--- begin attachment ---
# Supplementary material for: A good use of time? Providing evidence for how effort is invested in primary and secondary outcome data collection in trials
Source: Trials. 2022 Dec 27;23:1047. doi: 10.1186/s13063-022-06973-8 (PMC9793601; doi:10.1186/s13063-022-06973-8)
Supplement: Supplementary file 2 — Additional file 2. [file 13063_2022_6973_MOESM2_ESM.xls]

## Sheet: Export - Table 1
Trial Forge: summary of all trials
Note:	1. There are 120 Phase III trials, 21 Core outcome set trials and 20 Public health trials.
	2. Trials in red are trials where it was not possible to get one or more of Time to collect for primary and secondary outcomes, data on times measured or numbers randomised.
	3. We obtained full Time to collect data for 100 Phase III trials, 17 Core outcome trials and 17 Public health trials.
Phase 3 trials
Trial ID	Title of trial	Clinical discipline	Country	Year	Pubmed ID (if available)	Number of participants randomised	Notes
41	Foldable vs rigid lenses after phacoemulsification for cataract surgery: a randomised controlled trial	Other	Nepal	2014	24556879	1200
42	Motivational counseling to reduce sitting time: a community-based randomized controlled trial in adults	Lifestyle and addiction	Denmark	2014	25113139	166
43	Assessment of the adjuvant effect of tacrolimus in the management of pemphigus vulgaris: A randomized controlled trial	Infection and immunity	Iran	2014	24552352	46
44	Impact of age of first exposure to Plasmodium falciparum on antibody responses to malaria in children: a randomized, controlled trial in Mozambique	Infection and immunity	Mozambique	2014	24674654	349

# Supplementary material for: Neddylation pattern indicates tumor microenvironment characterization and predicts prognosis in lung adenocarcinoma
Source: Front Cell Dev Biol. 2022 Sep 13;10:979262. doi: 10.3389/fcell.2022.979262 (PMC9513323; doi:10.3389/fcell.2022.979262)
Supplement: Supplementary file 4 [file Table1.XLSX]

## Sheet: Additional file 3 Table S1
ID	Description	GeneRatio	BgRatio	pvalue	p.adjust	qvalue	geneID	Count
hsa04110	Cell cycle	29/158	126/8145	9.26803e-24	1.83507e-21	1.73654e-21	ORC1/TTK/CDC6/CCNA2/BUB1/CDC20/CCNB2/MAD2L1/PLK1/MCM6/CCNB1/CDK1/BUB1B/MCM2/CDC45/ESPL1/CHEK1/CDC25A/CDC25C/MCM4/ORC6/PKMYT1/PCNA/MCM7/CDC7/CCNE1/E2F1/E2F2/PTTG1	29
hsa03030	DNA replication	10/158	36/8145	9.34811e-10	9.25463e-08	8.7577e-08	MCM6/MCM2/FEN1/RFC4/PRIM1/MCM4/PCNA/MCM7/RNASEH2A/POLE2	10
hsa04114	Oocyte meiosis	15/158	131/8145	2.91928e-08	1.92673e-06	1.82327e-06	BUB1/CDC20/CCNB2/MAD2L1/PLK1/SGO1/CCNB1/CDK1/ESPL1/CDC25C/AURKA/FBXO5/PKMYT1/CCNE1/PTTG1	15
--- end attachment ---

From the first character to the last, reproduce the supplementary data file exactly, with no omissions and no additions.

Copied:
# Supplementary material for: A good use of time? Providing evidence for how effort is invested in primary and secondary outcome data collection in trials
Source: Trials. 2022 Dec 27;23:1047. doi: 10.1186/s13063-022-06973-8 (PMC9793601; doi:10.1186/s13063-022-06973-8)
Supplement: Supplementary file 2 — Additional file 2. [file 13063_2022_6973_MOESM2_ESM.xls]

## Sheet: Export - Table 1
Trial Forge: summary of all trials
Note:	1. There are 120 Phase III trials, 21 Core outcome set trials and 20 Public health trials.
	2. Trials in red are trials where it was not possible to get one or more of Time to collect for primary and secondary outcomes, data on times measured or numbers randomised.
	3. We obtained full Time to collect data for 100 Phase III trials, 17 Core outcome trials and 17 Public health trials.
Phase 3 trials
Trial ID	Title of trial	Clinical discipline	Country	Year	Pubmed ID (if available)	Number of participants randomised	Notes
41	Foldable vs rigid lenses after phacoemulsification for cataract surgery: a randomised controlled trial	Other	Nepal	2014	24556879	1200
42	Motivational counseling to reduce sitting time: a community-based randomized controlled trial in adults	Lifestyle and addiction	Denmark	2014	25113139	166
43	Assessment of the adjuvant effect of tacrolimus in the management of pemphigus vulgaris: A randomized controlled trial	Infection and immunity	Iran	2014	24552352	46
44	Impact of age of first exposure to Plasmodium falciparum on antibody responses to malaria in children: a randomized, controlled trial in Mozambique	Infection and immunity	Mozambique	2014	24674654	349

# Supplementary material for: Neddylation pattern indicates tumor microenvironment characterization and predicts prognosis in lung adenocarcinoma
Source: Front Cell Dev Biol. 2022 Sep 13;10:979262. doi: 10.3389/fcell.2022.979262 (PMC9513323; doi:10.3389/fcell.2022.979262)
Supplement: Supplementary file 4 [file Table1.XLSX]

## Sheet: Additional file 3 Table S1
ID	Description	GeneRatio	BgRatio	pvalue	p.adjust	qvalue	geneID	Count
hsa04110	Cell cycle	29/158	126/8145	9.26803e-24	1.83507e-21	1.73654e-21	ORC1/TTK/CDC6/CCNA2/BUB1/CDC20/CCNB2/MAD2L1/PLK1/MCM6/CCNB1/CDK1/BUB1B/MCM2/CDC45/ESPL1/CHEK1/CDC25A/CDC25C/MCM4/ORC6/PKMYT1/PCNA/MCM7/CDC7/CCNE1/E2F1/E2F2/PTTG1	29
hsa03030	DNA replication	10/158	36/8145	9.34811e-10	9.25463e-08	8.7577e-08	MCM6/MCM2/FEN1/RFC4/PRIM1/MCM4/PCNA/MCM7/RNASEH2A/POLE2	10
hsa04114	Oocyte meiosis	15/158	131/8145	2.91928e-08	1.92673e-06	1.82327e-06	BUB1/CDC20/CCNB2/MAD2L1/PLK1/SGO1/CCNB1/CDK1/ESPL1/CDC25C/AURKA/FBXO5/PKMYT1/CCNE1/PTTG1	15